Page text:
[DANCE] — [Ed] It may look wacky, it may look funny, but these behaviors didn’t evolve to be wacky and funny. They evolved through sexual selection by female choice to be precise choreographed things that these males do time and time again, day after day throughout their whole lives, specifically to be attractive to females during courtship. — [Interviewer] Which birds-of-paradise dance? — [Ed] At some level you can say all of them do something that could be interpreted as a dance. But if you just hold up a pose and stand there static, while there could be the static-holding dance, I typically think of that not as a dance but just a pose, and dance is where there’s more motion involved or intricate steps. Parotias are good examples of dance, not probably coincidental that they’re also the ones that dance on the ground like they’re on a dance floor. They look a little bit more like the way humans dance. When you see something like a greater bird-of-paradise, or one of the other paradiaeidaes bouncing around, up and down a branch and turning and pivoting and putting its head down and letting its cascade of feathers fall over its back, I mean that’s clearly a dance. And even something like the wilson’s or magnificent bird-of-paradise, where they’re just doing most of their displays on a small little sapling and there’s not a lot of lateral motion. There’s just movement up and down the branch, but there are more parts of it that are definitely more dance-like and less just presentation than others, especially right before actual mating; where there’s a little bit of motion this way, motion that way, motion this way, motion that way. Small series of things that happen. I would call that a pre-mating dance, even in that species. One things that a lot of people don’t realize about bird-of-paradise is that they’re not born doing those courtship displays exactly the way that we see them and admire them as adults. For the first few years of their life they probably don’t do anything that looks like a courtship display at all. And then at some point in time the young males, they start going through transitions in their bodies and behaviors where they start doing rudimentary versions of it. They’re hardwired from their genes, through their DNA to start doing courtship displays. But yet they don’t have the feathers yet and they only do rudimentary versions of them. But they begin to essentially practice them. And they practice them in isolation by themselves. They watch adult males perform the real deal to actual females and mating. And then yet practice to each other. One young male plays the role of the female the other one plays the role of the male. This one practices his display and this one pretends like it’s watching and then they switch. And this goes on for hours at a time during the day, for months out of the year, for many years, in many cases three-four years of this kind of practice behavior. And so only then, when they transitioned into their first adult plumage do the start doing this thing that we recognize as the full courtship display. So it’s this incredible combination of learning behavior and feedback between practicing with your own body movement and the acquisition of your costume, if you will, and being able to then put those motions into place in the way that they’re suppose to be; and the genetics behind that, both the behavior and the feathers. I don’t think a lot of people have an appreciation of that’s what’s going on in these birds. When we’re thinking about traits in birds-of-paradise, or at least the different traits in males that females are keying into and have selected on in the past, it’s easy to think of the feather traits, the unusual ornaments, the shapes, the colors. But I don’t think everybody really thinks of behavior as being a trait just like any other, when in fact it is. These complex behaviors are parts of complex sequences of events that are genetic in their origin and yet they also have this component of being refined and learned, so they have an environmental component. But the thing is that’s true for all of those traits. The feathers don’t always grow the exact same way that they’re genetically wired to because the food wasn’t available in the same way that year. There’s an environmental component to those things that are easy to understand as traits as well. — [Interviewer] So dance is not just practiced but it’s actually a genetic adaptation, and literally there are genes for ballerina dance or waggle? There’s a gene for waggle? — [Ed] [laughs] I definitely don’t think we can simplify it to the point where there is a gene for a waggle or a gene for a psychedelic smiley face dance. But there are thousands or hundreds or dozens, some number of genes that are involved in producing those things and they are heritable. And that when a female bird of paradise selects a male for some component of his display behavior, that his sons inherit that behavior and some component of it. And they will be more likely to be more similar in that behavior to their father than to other males, just like they will be in plumage or shape of their feathers. [Explore more at birdsofparadiseproject.org, youtube.com/LabofOrnithology]End of transcript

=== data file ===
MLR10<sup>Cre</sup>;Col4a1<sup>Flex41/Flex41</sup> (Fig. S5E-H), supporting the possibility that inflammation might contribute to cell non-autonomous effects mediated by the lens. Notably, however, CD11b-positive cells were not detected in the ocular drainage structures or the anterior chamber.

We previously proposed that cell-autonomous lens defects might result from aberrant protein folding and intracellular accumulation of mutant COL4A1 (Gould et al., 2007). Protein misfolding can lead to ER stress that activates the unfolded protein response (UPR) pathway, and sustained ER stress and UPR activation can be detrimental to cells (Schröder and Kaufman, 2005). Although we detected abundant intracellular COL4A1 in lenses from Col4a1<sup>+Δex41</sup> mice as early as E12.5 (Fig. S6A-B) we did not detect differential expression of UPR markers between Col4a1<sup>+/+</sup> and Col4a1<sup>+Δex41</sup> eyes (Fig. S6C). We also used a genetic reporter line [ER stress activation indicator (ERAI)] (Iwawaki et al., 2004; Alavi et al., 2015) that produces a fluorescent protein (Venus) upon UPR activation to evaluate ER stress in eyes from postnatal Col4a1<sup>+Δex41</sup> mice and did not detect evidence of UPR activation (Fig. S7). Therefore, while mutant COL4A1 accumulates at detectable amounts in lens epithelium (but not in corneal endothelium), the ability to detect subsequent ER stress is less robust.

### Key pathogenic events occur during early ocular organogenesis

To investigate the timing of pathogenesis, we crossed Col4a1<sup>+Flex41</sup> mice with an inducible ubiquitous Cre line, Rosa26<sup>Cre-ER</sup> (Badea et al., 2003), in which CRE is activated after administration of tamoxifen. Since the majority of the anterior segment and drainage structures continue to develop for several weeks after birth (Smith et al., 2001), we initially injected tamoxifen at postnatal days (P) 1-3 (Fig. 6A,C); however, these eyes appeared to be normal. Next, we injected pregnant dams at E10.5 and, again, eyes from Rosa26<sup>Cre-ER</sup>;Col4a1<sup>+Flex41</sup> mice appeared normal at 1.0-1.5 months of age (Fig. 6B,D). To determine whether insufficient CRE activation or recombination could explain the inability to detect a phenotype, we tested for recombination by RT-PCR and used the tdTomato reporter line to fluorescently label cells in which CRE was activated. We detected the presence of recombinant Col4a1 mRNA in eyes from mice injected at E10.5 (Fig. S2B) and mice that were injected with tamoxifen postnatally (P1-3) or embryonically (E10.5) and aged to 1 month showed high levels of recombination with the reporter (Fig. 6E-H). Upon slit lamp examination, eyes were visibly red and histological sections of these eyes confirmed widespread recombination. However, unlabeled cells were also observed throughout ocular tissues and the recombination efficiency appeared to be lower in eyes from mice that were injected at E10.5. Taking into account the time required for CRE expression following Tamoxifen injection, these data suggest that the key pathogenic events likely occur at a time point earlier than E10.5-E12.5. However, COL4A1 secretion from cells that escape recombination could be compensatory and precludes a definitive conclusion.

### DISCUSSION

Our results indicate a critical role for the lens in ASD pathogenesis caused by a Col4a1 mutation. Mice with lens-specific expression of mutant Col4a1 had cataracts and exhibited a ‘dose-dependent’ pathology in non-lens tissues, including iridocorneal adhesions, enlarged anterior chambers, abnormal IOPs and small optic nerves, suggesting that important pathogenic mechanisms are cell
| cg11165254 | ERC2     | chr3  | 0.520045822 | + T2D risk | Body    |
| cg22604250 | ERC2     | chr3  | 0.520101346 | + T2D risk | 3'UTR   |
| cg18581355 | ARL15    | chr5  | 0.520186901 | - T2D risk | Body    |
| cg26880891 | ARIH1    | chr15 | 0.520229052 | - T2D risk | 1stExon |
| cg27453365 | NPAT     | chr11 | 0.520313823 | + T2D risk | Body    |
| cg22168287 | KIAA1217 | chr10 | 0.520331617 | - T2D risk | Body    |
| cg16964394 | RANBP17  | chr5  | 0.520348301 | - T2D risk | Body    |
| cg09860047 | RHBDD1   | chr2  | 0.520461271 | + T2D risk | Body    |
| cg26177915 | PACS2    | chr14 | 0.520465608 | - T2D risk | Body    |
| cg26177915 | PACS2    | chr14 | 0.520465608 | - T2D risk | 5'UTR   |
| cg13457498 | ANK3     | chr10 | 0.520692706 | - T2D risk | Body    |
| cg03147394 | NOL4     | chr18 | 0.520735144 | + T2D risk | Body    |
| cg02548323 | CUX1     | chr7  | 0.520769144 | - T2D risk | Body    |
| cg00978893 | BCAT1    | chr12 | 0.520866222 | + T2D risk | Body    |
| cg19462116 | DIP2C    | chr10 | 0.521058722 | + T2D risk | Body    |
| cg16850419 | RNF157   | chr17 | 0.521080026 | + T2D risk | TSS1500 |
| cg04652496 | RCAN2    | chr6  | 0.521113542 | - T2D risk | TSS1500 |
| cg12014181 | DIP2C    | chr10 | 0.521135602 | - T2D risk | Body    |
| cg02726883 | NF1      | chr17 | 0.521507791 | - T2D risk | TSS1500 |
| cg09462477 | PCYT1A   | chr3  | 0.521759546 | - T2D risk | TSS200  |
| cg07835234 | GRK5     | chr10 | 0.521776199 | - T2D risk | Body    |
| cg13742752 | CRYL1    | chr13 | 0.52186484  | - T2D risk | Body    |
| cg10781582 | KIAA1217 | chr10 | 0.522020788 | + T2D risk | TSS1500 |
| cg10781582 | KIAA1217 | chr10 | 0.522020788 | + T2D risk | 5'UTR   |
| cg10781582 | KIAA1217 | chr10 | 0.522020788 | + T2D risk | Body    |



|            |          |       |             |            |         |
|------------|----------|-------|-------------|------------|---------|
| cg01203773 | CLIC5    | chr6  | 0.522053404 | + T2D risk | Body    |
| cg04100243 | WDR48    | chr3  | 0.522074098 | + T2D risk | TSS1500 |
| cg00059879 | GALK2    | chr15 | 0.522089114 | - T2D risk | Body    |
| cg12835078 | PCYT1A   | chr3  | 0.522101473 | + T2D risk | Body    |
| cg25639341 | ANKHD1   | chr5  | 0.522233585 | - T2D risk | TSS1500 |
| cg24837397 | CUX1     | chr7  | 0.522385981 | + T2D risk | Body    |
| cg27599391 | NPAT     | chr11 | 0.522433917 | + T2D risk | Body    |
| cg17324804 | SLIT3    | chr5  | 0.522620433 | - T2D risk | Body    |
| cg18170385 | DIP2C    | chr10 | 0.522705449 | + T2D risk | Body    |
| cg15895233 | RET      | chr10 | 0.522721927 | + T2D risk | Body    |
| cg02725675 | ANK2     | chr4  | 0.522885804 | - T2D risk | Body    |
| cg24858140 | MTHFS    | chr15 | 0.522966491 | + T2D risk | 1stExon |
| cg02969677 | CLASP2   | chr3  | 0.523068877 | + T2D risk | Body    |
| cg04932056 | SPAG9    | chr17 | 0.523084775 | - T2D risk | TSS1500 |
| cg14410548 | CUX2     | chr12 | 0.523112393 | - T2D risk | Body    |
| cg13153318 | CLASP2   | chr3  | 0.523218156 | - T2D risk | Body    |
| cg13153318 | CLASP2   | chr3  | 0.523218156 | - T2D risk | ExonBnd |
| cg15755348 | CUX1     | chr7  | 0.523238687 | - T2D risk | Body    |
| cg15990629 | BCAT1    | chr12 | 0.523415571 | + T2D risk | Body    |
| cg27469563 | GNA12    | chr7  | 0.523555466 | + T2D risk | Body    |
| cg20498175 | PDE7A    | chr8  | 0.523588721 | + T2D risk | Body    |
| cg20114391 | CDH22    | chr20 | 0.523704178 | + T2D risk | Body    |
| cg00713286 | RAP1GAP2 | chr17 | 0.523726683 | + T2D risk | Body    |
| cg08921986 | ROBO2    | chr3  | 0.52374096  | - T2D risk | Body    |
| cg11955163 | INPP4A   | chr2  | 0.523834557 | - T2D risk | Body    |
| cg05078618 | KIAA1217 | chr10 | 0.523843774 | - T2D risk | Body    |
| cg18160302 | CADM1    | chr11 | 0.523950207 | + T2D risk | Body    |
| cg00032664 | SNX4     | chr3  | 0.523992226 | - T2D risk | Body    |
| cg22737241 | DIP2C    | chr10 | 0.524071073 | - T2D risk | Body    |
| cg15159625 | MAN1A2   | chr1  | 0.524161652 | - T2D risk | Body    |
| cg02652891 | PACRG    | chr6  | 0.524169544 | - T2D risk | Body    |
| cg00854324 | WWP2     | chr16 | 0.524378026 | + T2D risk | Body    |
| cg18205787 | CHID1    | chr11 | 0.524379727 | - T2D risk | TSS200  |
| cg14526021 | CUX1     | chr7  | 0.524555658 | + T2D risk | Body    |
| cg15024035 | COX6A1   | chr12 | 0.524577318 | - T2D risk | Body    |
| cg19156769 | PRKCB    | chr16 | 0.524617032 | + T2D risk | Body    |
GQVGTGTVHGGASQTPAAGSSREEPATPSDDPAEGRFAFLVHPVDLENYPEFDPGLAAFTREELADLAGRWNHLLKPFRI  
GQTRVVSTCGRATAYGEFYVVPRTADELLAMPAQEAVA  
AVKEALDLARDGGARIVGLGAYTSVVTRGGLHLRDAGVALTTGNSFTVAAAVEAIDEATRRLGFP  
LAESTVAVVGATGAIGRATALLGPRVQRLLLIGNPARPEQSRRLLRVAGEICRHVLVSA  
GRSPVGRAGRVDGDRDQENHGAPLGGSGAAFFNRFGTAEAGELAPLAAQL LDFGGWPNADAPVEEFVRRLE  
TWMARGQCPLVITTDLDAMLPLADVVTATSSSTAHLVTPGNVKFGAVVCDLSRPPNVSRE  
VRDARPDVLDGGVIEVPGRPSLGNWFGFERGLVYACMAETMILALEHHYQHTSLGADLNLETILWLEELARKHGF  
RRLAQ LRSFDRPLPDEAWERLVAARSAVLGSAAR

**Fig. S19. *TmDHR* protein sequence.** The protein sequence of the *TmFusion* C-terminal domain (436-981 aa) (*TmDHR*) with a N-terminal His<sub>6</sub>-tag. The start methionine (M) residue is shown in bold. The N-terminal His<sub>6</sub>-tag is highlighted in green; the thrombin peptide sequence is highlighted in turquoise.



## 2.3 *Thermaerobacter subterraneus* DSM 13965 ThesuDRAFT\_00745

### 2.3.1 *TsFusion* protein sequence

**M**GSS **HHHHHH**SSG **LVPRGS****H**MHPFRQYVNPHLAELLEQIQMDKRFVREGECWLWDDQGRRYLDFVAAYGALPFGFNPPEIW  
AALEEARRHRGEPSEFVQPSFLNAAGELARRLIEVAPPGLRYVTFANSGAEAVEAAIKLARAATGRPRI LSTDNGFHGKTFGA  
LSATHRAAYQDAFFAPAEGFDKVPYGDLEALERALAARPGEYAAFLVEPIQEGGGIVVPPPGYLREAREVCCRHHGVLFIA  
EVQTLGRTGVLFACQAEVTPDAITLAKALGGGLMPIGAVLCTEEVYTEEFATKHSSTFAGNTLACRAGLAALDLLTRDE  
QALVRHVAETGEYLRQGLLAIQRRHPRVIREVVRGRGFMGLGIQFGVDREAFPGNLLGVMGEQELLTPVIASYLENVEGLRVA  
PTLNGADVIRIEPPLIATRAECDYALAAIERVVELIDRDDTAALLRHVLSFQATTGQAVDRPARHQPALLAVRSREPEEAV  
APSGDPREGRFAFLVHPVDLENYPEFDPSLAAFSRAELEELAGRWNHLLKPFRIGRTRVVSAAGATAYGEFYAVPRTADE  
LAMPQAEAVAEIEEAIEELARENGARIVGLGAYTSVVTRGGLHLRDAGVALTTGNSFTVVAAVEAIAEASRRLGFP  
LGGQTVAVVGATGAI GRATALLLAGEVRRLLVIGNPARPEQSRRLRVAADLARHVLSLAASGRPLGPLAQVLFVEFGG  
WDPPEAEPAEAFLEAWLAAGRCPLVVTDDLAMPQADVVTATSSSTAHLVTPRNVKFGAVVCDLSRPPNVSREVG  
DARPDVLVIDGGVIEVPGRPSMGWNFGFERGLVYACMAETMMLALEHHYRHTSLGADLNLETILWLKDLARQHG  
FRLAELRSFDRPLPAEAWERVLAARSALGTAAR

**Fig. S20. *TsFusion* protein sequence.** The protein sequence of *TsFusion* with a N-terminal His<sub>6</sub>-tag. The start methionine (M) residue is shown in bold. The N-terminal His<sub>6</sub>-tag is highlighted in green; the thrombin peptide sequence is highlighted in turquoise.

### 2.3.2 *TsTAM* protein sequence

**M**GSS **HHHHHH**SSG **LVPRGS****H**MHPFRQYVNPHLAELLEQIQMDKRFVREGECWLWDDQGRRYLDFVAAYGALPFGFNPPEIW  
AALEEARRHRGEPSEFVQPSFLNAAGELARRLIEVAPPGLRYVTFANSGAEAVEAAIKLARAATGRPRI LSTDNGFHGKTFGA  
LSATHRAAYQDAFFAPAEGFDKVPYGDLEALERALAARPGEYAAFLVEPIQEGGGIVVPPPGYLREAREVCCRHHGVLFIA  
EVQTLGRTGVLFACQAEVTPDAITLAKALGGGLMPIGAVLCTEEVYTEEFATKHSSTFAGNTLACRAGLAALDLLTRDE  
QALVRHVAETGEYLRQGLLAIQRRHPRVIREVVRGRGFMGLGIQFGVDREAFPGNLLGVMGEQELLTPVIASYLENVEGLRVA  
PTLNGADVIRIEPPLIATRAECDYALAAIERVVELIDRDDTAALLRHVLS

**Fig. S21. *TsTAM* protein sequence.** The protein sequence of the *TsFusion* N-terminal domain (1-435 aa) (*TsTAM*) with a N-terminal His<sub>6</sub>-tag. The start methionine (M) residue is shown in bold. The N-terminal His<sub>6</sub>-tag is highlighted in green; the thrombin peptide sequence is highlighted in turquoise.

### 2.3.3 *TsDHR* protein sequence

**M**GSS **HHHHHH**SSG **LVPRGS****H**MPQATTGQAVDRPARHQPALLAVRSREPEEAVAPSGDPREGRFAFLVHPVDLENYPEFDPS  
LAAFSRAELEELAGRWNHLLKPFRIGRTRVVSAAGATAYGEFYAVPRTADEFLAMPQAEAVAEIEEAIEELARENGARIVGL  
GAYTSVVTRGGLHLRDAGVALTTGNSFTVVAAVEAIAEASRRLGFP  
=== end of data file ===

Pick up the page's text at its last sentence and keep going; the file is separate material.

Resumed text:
The bizarre dances of birds-of-paradise aren’t mere flights of fancy. Young males inherit those dance steps from their fathers, then refine them through practice and watching adults. Less obvious but equally important are the watchful females—look for them in these video clips. It’s ultimately their choices that decide which dances reach the next generation. Filmed and photographed by Tim Laman. Explore more at the Birds of Paradise project.